A worst-ever hunger crisis threatens to push families to their limits in South Sudan – WFP
More than 70% of South Sudanese will struggle to endure the height of the lean season this year, according to the United Nations World Food Programme, as the nation grapples with historic levels of food insecurity driven by violence, climatic shocks, covid, and increasing expenses.
While the world’s attention is focused on Ukraine, a hidden hunger emergency is engulfing South Sudan. According to the latest findings published in the 2022 Humanitarian Needs Overview, approximately 8.3 million people in South Sudan – including refugees – will face extreme hunger in the coming months as the 2022 lean season peaks, food becomes scarce, and provisions are depleted.
Tens of thousands of South Sudanese, who are already critically hungry as a result of multiple and persistent shocks, are particularly vulnerable and might starve if food aid is not provided.
South Sudan is part of a “ring of fire” surrounding the world, where climate change, war, disease, and growing expenses are pushing millions closer to hunger.
Climate change and continuous violence have resulted in large-scale displacement, loss of livelihoods, degradation of arable land and crops, and increasing food costs, jeopardizing the existence of populations living in some of the most remote locations of the states of Jonglei, Lakes, Unity, and Warrap.
“The scope and depth of this situation are concerning.” People throughout the nation have exhausted all of their available choices to make ends meet, and they are now left with nothing,” said Adeyinka Badejo, Deputy Country Director of the World Food Programme in South Sudan.
While providing crucial food and nutrition support to vulnerable people, WFP also performs resilience-building programs to aid these communities in dealing with unexpected shocks without losing all of their productive assets.
“Given the severity of this disaster, our resources only enable us to reach some of those most in need with the minimal necessities of survival, which is far from adequate to allow communities to recover.”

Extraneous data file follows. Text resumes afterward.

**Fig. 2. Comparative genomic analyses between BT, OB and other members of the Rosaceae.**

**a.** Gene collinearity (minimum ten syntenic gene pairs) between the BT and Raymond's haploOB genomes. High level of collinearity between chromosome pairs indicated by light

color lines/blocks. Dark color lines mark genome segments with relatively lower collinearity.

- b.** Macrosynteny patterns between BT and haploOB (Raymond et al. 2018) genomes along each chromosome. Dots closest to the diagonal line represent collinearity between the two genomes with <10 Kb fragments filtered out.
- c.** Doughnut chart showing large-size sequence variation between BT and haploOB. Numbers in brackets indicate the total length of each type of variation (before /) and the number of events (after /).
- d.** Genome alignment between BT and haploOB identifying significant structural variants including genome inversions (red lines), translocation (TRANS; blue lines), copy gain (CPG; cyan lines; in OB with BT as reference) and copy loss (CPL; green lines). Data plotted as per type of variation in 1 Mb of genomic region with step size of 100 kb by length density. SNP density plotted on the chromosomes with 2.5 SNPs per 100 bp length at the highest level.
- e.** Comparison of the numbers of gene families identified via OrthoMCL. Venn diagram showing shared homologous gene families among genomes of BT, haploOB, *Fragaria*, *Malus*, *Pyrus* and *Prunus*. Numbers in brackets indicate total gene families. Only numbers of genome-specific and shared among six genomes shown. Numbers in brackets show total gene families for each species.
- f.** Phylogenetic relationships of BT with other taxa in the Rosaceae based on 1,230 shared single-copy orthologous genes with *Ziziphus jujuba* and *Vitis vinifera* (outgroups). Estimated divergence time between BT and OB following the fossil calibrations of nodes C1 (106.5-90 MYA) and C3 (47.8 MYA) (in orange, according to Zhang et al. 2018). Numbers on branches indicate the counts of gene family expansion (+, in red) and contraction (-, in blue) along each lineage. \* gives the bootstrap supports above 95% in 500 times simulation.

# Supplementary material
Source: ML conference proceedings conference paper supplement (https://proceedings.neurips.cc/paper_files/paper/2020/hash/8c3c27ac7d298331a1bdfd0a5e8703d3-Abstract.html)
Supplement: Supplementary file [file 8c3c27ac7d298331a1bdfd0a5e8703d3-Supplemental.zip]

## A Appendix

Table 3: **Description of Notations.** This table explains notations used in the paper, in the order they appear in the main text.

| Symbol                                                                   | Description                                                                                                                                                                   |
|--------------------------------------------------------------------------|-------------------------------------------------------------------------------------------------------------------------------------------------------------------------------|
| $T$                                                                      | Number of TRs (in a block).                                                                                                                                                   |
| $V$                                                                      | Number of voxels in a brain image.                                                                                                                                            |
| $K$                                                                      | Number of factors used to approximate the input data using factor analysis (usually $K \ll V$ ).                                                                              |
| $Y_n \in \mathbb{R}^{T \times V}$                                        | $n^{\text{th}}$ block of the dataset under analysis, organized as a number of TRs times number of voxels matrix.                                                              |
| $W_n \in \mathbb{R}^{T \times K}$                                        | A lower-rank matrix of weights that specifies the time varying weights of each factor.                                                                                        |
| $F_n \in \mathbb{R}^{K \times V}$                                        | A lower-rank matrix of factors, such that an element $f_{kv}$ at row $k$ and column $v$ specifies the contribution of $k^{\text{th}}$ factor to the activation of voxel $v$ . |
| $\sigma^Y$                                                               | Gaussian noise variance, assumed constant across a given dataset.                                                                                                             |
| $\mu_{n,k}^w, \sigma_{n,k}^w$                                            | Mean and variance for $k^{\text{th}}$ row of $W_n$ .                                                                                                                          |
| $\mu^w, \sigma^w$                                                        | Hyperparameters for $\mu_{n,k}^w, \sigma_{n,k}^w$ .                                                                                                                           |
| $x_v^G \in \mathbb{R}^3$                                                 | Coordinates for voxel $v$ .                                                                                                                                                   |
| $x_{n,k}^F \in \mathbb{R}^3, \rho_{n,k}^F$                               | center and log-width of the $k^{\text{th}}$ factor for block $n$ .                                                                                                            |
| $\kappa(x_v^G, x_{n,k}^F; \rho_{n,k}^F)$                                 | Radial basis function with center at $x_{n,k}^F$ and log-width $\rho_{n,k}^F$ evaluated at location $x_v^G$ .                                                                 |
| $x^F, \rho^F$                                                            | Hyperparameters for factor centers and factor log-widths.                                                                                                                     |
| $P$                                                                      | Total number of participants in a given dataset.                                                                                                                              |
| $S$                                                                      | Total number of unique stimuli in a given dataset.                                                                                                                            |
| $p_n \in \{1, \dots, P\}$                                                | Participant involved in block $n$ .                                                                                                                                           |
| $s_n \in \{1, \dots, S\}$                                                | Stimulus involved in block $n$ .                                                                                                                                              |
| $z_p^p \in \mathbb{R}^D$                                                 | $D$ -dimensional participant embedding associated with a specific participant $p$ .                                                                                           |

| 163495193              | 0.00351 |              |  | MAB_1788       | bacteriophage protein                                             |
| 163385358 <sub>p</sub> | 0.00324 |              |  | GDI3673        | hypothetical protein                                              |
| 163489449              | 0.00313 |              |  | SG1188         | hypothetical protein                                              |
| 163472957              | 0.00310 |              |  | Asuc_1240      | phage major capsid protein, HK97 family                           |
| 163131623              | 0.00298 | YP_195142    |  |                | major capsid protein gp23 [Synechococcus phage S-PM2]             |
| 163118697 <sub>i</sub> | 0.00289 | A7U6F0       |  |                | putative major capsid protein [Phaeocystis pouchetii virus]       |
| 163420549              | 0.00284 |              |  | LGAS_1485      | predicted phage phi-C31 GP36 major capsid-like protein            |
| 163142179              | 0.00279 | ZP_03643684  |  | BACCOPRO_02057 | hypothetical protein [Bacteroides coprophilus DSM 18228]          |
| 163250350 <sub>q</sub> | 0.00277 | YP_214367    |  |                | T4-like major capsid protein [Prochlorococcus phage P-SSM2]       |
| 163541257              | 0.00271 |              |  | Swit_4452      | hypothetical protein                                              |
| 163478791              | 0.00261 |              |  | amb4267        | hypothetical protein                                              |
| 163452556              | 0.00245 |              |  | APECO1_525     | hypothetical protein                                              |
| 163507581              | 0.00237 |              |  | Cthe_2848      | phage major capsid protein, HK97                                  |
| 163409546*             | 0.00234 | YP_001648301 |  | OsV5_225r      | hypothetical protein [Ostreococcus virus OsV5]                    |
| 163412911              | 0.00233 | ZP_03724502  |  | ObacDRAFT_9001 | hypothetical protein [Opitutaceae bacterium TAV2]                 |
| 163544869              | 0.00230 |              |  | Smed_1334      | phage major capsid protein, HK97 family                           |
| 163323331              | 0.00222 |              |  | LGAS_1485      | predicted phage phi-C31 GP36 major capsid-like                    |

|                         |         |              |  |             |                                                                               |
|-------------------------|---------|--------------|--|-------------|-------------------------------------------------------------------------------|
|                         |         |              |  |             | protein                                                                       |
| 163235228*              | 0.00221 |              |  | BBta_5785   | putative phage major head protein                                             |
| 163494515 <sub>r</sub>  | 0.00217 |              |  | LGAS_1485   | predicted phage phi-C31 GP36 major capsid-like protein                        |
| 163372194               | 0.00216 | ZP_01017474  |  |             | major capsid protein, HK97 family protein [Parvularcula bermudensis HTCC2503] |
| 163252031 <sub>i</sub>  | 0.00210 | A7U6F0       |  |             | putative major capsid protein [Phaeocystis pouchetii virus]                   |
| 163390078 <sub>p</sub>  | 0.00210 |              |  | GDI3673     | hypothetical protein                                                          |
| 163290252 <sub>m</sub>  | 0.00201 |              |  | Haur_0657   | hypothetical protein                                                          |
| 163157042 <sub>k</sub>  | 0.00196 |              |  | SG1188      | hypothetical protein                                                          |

“WFP is working diligently not just to meet these urgent needs, but also to help communities rebuild their resilience and be better equipped to handle future shocks,” Badejo added.
WFP provided food and nutrition support to 5.9 million individuals in 2021, including around 730,000 people in South Sudan who benefitted from livelihood activities.
In Greater Jonglei and Unity States, where unprecedented floods and localized conflict prevented people from reaching their cultivated fields, WFP provided cash assistance to people in need of food and other basic necessities, provided communities with tools to protect and maintain critical assets, and trained young people in a variety of vocational activities, including post-harvest management.
To assist communities in preparing for the effects of floods, WFP constructed dykes in high-risk regions such as Bor in Jonglei State, where an 18-kilometer dike allowed thousands of displaced people to return home. Similarly, WFP has begun rebuilding a critical route that was inundated as a result of the disastrous floods that ravaged Bentiu in Unity State, where many people remain homeless.
In regions that were not flooded, WFP collaborated with community members to clear and cultivate more than 40,000 acres of land for food production, allowing smallholder farmers to be more self-sufficient throughout the year.
“Investing in resilience is a vital step in assisting communities in overcoming poverty and hunger.”
While we stand by their side to address their most pressing issues, we must also work closely with the government and other development partners to find long-term solutions to some of South Sudan’s chronic problems, such as addressing entrenched inequity and isolation and restoring conditions for peace and stability,” said Badejo.
Contributing to the comprehensive and long-term alleviation of South Sudan’s hunger problem is a big issue.
The World Food Programme (WFP) is facing a serious financial shortage of $526 million over the next six months to finance its crisis response, resilience building, and long-term development programs in the nation.